The backlash caused by Adobe’s announcement that it was moving its Creative Suite to the cloud has been intense. Twitter was abuzz with people ready to jump ship. Online petitions have been created claiming that Adobe is “robbing small business, freelancers, and the average consumer.” Adobe and its champions, such as Scott Kelby, have tried to explain the change and to convince the masses that the world is, in fact, not ending. Apparently, people do not like change.
I’ve remained open-minded and silent, mostly because I wanted to wait for the dust to settle so that I could get a clearer picture of how the move to the cloud affects me. Right now, I’m running Adobe Lightroom 4, the Lightroom 5 beta, and Adobe CS 4 Production Premium. Nearly 99% of my workflow is in Lightroom, and I only jump to Photoshop for more intricate touch-up work. I dabble with Adobe Premiere and After Effects, but rarely make use of any other tools that are part of the suite.
Two things about the announcement are in the favor of the semi-pro photographers…at least for now. First, Lightroom 5 is coming out and it will be available as a standalone application. Tom Hogarty also said there are no plans to take away the standalone version of Lightroom. I suspect there will be features that will require a cloud subscription, maybe even the iPad “Lightroom Touch”. But even with Lightroom 5, they’re introducing some powerful new features that are available in Photoshop, so I’m hoping the plan is for that trend to continue, meaning more people can stay in Lightroom more often, depend on Photoshop less, and not need a cloud subscription to have a truly powerful workflow.
The second piece is that Lightroom 5 will still integrate with earlier versions of the Creative Suite, so we’re not being forced to upgrade to the cloud. While I’ve already lost some of the “clean” integration between the tools because of the diverging of the Camera Raw versions between Lightroom and CS4, it’s manageable and only comes up in those rare cases when I need to go in to Photoshop. Certainly if your workflow is more Photoshop heavy, it could be more of an issue, but if you have a new version of Creative Suite, the impact is less. Eventually, though, even CS6 users will notice as Camera Raw continues to evolve with the Creative Cloud.
Do I need to upgrade? Not really. While the tools get better with each version, there’s nothing that I can’t do with what I have. There was a lot of press around content-aware fill, for example, and it looked cool, but I didn’t need it. That’s the case for a lot of the features in the new upgrades. There are new features, and performance improvements, and bells, and whistles, but for a lot of people (myself included), those benefits aren’t always worth the cost, and we do just fine being a version or three behind.
If I wanted to jump to the latest pre-cloud version of the tools, since CS4 is not upgrade-eligible for CS6, I’d need to buy the full version of whatever suite I opted for; Production Premium is $1,600.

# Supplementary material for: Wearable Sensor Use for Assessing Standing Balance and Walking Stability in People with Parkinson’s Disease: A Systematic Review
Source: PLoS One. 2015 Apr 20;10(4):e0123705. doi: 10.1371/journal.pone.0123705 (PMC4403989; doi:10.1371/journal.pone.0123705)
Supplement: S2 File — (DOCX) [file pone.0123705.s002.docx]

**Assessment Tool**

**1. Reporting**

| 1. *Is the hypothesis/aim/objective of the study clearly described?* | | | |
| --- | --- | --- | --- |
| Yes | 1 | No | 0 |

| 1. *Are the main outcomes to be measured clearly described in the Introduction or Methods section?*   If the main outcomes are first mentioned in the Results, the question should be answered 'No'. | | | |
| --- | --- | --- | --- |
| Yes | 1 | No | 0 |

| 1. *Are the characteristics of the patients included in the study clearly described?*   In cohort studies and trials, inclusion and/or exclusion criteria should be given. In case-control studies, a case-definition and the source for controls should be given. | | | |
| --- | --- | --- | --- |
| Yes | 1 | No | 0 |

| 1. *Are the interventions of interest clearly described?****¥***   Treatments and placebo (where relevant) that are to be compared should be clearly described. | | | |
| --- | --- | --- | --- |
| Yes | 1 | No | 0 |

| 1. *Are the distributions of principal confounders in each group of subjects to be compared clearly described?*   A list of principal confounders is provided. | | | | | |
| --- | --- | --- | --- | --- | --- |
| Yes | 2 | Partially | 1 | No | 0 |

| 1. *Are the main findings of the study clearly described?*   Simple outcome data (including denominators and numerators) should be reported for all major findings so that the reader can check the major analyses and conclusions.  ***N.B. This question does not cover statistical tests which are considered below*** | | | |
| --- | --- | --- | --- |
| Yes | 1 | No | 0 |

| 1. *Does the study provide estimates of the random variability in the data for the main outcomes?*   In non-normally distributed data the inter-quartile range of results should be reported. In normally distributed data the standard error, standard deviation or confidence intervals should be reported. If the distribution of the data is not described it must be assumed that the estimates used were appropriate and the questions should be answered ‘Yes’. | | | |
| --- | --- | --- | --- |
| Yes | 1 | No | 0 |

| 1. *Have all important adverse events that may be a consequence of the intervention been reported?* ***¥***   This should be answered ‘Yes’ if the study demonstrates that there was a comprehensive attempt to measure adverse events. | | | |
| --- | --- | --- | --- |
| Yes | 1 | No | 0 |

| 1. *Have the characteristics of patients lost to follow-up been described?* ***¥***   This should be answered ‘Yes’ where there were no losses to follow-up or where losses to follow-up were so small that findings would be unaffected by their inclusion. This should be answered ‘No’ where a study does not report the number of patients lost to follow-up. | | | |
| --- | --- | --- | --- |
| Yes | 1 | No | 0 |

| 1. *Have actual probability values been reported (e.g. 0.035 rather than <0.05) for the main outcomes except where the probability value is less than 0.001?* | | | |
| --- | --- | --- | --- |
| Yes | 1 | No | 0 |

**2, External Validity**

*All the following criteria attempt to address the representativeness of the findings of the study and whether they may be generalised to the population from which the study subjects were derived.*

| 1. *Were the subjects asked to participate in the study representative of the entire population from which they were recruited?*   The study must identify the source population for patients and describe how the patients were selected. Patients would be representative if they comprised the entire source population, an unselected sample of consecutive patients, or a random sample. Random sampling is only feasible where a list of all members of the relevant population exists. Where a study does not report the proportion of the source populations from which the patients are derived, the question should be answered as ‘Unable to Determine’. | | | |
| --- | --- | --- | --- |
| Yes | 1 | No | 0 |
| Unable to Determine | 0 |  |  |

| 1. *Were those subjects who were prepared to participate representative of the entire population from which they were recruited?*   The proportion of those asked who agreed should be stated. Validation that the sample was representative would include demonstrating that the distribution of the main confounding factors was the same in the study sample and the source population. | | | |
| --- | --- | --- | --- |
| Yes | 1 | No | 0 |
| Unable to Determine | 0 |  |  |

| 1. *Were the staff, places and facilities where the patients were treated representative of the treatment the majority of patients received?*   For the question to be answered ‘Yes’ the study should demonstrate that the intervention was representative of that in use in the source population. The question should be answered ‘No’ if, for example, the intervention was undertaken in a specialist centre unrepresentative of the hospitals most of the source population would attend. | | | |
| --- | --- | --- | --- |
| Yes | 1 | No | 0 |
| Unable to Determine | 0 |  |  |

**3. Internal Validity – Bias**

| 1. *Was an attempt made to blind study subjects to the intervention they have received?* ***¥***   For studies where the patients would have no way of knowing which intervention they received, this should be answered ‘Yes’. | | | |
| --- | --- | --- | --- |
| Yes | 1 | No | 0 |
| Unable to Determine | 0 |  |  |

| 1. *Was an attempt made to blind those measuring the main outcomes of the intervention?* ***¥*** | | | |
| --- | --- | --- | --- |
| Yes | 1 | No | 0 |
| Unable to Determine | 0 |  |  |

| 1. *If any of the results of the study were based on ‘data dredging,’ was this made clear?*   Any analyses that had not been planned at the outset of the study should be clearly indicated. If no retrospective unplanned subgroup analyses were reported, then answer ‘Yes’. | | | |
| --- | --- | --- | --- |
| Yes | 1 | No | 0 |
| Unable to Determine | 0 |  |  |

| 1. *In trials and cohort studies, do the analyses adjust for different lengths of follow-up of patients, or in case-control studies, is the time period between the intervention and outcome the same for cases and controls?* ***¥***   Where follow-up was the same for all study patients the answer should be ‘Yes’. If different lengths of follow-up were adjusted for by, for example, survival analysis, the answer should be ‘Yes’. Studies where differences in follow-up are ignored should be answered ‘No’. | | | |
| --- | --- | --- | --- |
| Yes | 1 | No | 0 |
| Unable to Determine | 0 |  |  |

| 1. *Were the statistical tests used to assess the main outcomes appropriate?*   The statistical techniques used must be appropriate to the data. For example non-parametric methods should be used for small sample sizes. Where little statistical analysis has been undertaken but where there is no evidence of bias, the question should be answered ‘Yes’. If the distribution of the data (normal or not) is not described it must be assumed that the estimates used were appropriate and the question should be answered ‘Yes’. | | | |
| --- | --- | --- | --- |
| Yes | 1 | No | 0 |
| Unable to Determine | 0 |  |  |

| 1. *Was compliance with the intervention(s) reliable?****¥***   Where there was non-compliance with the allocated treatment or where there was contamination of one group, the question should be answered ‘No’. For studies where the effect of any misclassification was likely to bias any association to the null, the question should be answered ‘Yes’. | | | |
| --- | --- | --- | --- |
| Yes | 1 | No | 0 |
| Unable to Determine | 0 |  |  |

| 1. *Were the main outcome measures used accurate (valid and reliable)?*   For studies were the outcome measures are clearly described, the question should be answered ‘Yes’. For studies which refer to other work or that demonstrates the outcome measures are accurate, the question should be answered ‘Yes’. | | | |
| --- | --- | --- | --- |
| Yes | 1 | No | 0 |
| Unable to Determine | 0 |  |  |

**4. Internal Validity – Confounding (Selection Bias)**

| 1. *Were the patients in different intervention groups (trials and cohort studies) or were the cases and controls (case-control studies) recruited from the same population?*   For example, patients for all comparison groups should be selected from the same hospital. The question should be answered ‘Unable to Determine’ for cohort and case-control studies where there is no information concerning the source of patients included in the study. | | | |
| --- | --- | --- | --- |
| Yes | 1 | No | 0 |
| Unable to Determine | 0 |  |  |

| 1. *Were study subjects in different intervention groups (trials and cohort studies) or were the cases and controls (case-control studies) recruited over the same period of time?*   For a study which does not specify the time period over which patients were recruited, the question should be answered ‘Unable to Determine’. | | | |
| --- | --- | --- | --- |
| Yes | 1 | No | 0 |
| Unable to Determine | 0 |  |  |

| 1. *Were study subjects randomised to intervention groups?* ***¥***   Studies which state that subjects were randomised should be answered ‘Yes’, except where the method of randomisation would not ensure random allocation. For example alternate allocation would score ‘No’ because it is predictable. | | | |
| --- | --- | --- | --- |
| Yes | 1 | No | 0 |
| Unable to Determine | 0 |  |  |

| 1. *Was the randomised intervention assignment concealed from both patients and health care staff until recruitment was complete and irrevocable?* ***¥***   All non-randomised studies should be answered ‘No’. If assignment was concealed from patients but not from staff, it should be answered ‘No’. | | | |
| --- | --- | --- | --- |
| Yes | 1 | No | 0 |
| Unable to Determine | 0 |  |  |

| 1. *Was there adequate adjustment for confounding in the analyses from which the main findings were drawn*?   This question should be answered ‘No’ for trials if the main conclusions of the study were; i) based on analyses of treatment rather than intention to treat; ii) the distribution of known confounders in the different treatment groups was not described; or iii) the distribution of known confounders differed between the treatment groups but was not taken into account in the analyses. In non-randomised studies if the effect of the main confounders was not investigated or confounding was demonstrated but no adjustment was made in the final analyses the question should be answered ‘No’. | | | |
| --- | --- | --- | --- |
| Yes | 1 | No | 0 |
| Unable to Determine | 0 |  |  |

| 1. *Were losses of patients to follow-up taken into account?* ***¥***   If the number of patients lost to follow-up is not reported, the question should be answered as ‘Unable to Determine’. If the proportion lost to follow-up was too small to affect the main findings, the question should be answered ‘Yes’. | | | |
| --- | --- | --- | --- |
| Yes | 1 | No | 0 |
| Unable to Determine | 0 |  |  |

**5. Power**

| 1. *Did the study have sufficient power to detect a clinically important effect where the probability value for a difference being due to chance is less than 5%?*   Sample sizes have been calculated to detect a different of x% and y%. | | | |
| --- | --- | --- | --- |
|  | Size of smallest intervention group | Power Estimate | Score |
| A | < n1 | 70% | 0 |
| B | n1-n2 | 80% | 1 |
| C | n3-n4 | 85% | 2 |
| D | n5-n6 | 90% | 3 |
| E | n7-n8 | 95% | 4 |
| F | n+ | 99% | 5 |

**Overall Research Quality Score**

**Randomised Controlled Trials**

In terms of comparing the cost of jumping to CS6 versus CC, when they show the math of buying the major upgrades compared to what it would cost to always have the latest and greatest in the cloud, the figures are a bit misleading. While Production Premium is $1,600, the upgrade price has traditionally been a fraction of that, and upgrades went back one or two versions. So it’s $600 a year for Creative Cloud, or $400 – $700 every year or other year to upgrade Creative Suite. The same type of math works even if you are just interested in Photoshop. Of course, there won’t be anything to upgrade to in the near future, other than Creative Cloud, so the version skipping doesn’t really apply anymore.
That brings me to what I see as the biggest drawback for me with the Creative Cloud, and that is that if I subscribe to it for a few years then decide to stop, maybe because business declines and I can’t afford it, I have nothing. No subscription equals no access to the tools I would need for my business. At least with Creative Suite, if I decide to skip an upgrade or two, I can still use the tools. Whether this is the future of software or not is to be decided, but that’s a scary proposition. It’s like the mafia. Once you’re in, you’re in.
Is the cloud the worst thing ever? That depends. The cloud makes sense for professional photographers and creatives, especially those that upgrade with every version. They get access to the latest version of every tool for a flat fee, making accounting and tax returns easier and likely at a lower cost than upgrading major versions every year.
For the rest of us, even with the single application membership, it probably looks like less of a good deal. I think the new model is going to push more semi-pro and amateur creatives out of the cloud. But given the roadmap for Lightroom and the features they are adding, it continues to be a nice, soft place to land.